“You have multiple systems doing different things that are not integrated. There’s a lack of technology agility, and state governments are used to an older model of procuring a tool or procuring a system, or heavily customizing that system to meet a particular need for the agency,” Conner said.

This lack of interoperability between certain systems and their varying levels of maturity are just two of the challenges that state governments face when modernizing back-office processes. Others included a reliance on old systems and the cultural shift that’s necessary across the state workforce to adopt digital systems.

‘One source of truth’


When three critical functions — human resources, finance and procurement — are not modernized, government leaders may lack the data needed to efficiently manage their operations, according to the report. But if those functions share data on the same platform, Conner said, this creates “one source of truth,” increasing accuracy.

“I think having digital tools just gives you more leverage and monitoring to assess your spending, to think about data-driven decisions, what data insights can you draw from that,” Conner said. “It keeps you in compliance — all of those, I think, can be improved by having a platform or multiple platforms, as long as they’re integrated, that will help you from a financial management perspective, as well as a regulatory and auditing perspective.”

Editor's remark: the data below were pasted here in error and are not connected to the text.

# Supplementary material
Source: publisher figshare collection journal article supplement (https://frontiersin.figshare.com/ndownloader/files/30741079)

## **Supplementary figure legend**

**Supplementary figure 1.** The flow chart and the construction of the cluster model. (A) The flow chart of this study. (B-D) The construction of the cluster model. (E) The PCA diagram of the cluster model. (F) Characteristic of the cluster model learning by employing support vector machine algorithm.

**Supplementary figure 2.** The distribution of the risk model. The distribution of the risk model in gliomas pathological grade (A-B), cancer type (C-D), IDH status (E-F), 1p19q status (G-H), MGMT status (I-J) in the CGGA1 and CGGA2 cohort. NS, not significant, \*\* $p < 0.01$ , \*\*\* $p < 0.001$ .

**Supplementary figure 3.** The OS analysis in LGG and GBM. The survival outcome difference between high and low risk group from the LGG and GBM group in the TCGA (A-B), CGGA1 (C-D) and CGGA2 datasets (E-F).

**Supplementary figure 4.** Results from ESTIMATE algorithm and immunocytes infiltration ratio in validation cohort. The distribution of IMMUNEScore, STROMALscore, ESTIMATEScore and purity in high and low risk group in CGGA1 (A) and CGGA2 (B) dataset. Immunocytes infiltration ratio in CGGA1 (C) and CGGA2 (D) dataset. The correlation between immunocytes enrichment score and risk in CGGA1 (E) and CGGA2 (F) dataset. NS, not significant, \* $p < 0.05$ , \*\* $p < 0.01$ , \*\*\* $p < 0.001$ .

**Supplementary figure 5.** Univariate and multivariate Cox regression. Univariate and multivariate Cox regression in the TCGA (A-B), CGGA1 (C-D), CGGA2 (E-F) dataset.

Modernizing systems can alleviate other issues faced in the back office, such as workforce shortages, which has consistently ranked as a challenge for state and local agencies. Conner said modernizing systems can help keep and attract talent in IT.

“When I was in state government myself, some of my newer employees say, ‘The last thing I want to do is to come to work without data technology or technology that’s more dated than the technology that I use at home personally,'” Conner said. “As we’re thinking about back office, which impacts your employees on a day-to-day basis, all employees within your organization will interact with the back office. Whether they’re submitting their time, whether it’s payroll, whether it’s through training and development — having a seamless experience for them is always a value add.”